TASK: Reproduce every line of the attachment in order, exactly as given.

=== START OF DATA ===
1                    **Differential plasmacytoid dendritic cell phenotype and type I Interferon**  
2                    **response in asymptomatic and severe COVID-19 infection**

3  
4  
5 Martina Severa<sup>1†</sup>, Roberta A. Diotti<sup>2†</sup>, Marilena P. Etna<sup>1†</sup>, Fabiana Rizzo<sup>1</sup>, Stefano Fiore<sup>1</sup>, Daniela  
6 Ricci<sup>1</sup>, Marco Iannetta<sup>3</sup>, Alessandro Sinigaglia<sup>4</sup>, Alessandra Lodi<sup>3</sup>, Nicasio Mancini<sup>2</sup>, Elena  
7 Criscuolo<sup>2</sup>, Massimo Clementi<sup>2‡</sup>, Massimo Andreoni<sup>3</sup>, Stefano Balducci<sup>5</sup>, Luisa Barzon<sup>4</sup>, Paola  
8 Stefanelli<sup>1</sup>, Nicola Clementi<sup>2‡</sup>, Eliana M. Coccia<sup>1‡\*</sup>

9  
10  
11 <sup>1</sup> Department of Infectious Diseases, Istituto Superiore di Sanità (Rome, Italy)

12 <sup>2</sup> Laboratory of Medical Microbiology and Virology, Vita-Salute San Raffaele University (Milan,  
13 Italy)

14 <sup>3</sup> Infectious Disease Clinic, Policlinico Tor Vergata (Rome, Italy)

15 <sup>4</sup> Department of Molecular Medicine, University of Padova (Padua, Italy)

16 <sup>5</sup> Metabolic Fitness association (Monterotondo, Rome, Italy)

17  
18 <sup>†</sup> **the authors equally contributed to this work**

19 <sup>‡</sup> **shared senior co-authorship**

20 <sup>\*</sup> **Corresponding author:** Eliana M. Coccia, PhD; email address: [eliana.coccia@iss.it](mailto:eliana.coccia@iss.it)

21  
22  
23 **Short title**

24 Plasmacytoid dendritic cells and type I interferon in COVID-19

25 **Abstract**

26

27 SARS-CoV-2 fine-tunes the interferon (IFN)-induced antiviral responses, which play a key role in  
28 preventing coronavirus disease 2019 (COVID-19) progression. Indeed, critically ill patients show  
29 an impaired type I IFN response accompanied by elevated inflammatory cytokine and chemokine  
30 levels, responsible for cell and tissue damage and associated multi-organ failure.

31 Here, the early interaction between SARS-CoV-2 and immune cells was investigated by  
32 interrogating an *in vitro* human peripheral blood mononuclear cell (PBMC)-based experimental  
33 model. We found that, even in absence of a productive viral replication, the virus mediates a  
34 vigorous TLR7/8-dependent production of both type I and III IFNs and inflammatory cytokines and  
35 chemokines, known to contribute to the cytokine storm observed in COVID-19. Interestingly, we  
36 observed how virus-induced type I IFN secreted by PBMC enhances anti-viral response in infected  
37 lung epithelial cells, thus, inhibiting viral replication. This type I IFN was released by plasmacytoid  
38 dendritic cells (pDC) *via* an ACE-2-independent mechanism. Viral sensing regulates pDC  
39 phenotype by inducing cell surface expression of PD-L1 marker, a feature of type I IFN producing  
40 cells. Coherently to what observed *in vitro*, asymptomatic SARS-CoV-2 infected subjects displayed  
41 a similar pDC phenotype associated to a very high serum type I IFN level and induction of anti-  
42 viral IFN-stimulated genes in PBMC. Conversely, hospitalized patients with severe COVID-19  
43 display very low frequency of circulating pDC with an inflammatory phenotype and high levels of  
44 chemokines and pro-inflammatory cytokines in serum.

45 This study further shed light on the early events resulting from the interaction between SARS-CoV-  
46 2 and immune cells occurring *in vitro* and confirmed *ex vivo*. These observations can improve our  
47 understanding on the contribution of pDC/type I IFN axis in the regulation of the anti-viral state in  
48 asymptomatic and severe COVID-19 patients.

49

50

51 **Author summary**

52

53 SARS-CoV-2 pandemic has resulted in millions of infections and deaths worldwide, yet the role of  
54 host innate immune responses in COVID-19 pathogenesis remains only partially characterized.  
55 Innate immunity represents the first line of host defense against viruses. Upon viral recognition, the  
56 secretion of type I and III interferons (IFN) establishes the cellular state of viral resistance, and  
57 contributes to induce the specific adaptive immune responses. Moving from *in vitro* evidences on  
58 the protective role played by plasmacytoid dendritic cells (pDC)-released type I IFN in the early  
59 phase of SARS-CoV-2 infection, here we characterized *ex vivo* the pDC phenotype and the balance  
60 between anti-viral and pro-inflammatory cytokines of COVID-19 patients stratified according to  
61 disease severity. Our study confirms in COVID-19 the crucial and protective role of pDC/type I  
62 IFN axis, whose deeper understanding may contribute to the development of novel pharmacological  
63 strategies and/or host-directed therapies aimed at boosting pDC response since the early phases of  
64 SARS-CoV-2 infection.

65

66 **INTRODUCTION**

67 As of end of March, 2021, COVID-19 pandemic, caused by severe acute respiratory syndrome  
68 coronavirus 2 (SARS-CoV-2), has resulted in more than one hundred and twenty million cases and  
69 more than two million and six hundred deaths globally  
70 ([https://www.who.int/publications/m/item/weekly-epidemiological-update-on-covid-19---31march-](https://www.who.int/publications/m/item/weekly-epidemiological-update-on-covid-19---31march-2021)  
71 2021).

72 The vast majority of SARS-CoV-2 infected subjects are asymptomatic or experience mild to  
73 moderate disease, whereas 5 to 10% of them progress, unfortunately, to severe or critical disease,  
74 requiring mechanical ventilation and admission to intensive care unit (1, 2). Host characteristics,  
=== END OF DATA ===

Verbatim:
1                    **Differential plasmacytoid dendritic cell phenotype and type I Interferon**  
2                    **response in asymptomatic and severe COVID-19 infection**

3  
4  
5 Martina Severa<sup>1†</sup>, Roberta A. Diotti<sup>2†</sup>, Marilena P. Etna<sup>1†</sup>, Fabiana Rizzo<sup>1</sup>, Stefano Fiore<sup>1</sup>, Daniela  
6 Ricci<sup>1</sup>, Marco Iannetta<sup>3</sup>, Alessandro Sinigaglia<sup>4</sup>, Alessandra Lodi<sup>3</sup>, Nicasio Mancini<sup>2</sup>, Elena  
7 Criscuolo<sup>2</sup>, Massimo Clementi<sup>2‡</sup>, Massimo Andreoni<sup>3</sup>, Stefano Balducci<sup>5</sup>, Luisa Barzon<sup>4</sup>, Paola  
8 Stefanelli<sup>1</sup>, Nicola Clementi<sup>2‡</sup>, Eliana M. Coccia<sup>1‡\*</sup>

9  
10  
11 <sup>1</sup> Department of Infectious Diseases, Istituto Superiore di Sanità (Rome, Italy)

12 <sup>2</sup> Laboratory of Medical Microbiology and Virology, Vita-Salute San Raffaele University (Milan,  
13 Italy)

14 <sup>3</sup> Infectious Disease Clinic, Policlinico Tor Vergata (Rome, Italy)

15 <sup>4</sup> Department of Molecular Medicine, University of Padova (Padua, Italy)

16 <sup>5</sup> Metabolic Fitness association (Monterotondo, Rome, Italy)

17  
18 <sup>†</sup> **the authors equally contributed to this work**

19 <sup>‡</sup> **shared senior co-authorship**

20 <sup>\*</sup> **Corresponding author:** Eliana M. Coccia, PhD; email address: [eliana.coccia@iss.it](mailto:eliana.coccia@iss.it)

21  
22  
23 **Short title**

24 Plasmacytoid dendritic cells and type I interferon in COVID-19

25 **Abstract**

26

27 SARS-CoV-2 fine-tunes the interferon (IFN)-induced antiviral responses, which play a key role in  
28 preventing coronavirus disease 2019 (COVID-19) progression. Indeed, critically ill patients show  
29 an impaired type I IFN response accompanied by elevated inflammatory cytokine and chemokine  
30 levels, responsible for cell and tissue damage and associated multi-organ failure.

31 Here, the early interaction between SARS-CoV-2 and immune cells was investigated by  
32 interrogating an *in vitro* human peripheral blood mononuclear cell (PBMC)-based experimental  
33 model. We found that, even in absence of a productive viral replication, the virus mediates a  
34 vigorous TLR7/8-dependent production of both type I and III IFNs and inflammatory cytokines and  
35 chemokines, known to contribute to the cytokine storm observed in COVID-19. Interestingly, we  
36 observed how virus-induced type I IFN secreted by PBMC enhances anti-viral response in infected  
37 lung epithelial cells, thus, inhibiting viral replication. This type I IFN was released by plasmacytoid  
38 dendritic cells (pDC) *via* an ACE-2-independent mechanism. Viral sensing regulates pDC  
39 phenotype by inducing cell surface expression of PD-L1 marker, a feature of type I IFN producing  
40 cells. Coherently to what observed *in vitro*, asymptomatic SARS-CoV-2 infected subjects displayed  
41 a similar pDC phenotype associated to a very high serum type I IFN level and induction of anti-  
42 viral IFN-stimulated genes in PBMC. Conversely, hospitalized patients with severe COVID-19  
43 display very low frequency of circulating pDC with an inflammatory phenotype and high levels of  
44 chemokines and pro-inflammatory cytokines in serum.

45 This study further shed light on the early events resulting from the interaction between SARS-CoV-  
46 2 and immune cells occurring *in vitro* and confirmed *ex vivo*. These observations can improve our  
47 understanding on the contribution of pDC/type I IFN axis in the regulation of the anti-viral state in  
48 asymptomatic and severe COVID-19 patients.

49

50

51 **Author summary**

52

53 SARS-CoV-2 pandemic has resulted in millions of infections and deaths worldwide, yet the role of  
54 host innate immune responses in COVID-19 pathogenesis remains only partially characterized.  
55 Innate immunity represents the first line of host defense against viruses. Upon viral recognition, the  
56 secretion of type I and III interferons (IFN) establishes the cellular state of viral resistance, and  
57 contributes to induce the specific adaptive immune responses. Moving from *in vitro* evidences on  
58 the protective role played by plasmacytoid dendritic cells (pDC)-released type I IFN in the early  
59 phase of SARS-CoV-2 infection, here we characterized *ex vivo* the pDC phenotype and the balance  
60 between anti-viral and pro-inflammatory cytokines of COVID-19 patients stratified according to  
61 disease severity. Our study confirms in COVID-19 the crucial and protective role of pDC/type I  
62 IFN axis, whose deeper understanding may contribute to the development of novel pharmacological  
63 strategies and/or host-directed therapies aimed at boosting pDC response since the early phases of  
64 SARS-CoV-2 infection.

65

66 **INTRODUCTION**

67 As of end of March, 2021, COVID-19 pandemic, caused by severe acute respiratory syndrome  
68 coronavirus 2 (SARS-CoV-2), has resulted in more than one hundred and twenty million cases and  
69 more than two million and six hundred deaths globally  
70 ([https://www.who.int/publications/m/item/weekly-epidemiological-update-on-covid-19---31march-](https://www.who.int/publications/m/item/weekly-epidemiological-update-on-covid-19---31march-2021)  
71 2021).

72 The vast majority of SARS-CoV-2 infected subjects are asymptomatic or experience mild to  
73 moderate disease, whereas 5 to 10% of them progress, unfortunately, to severe or critical disease,  
74 requiring mechanical ventilation and admission to intensive care unit (1, 2). Host characteristics,  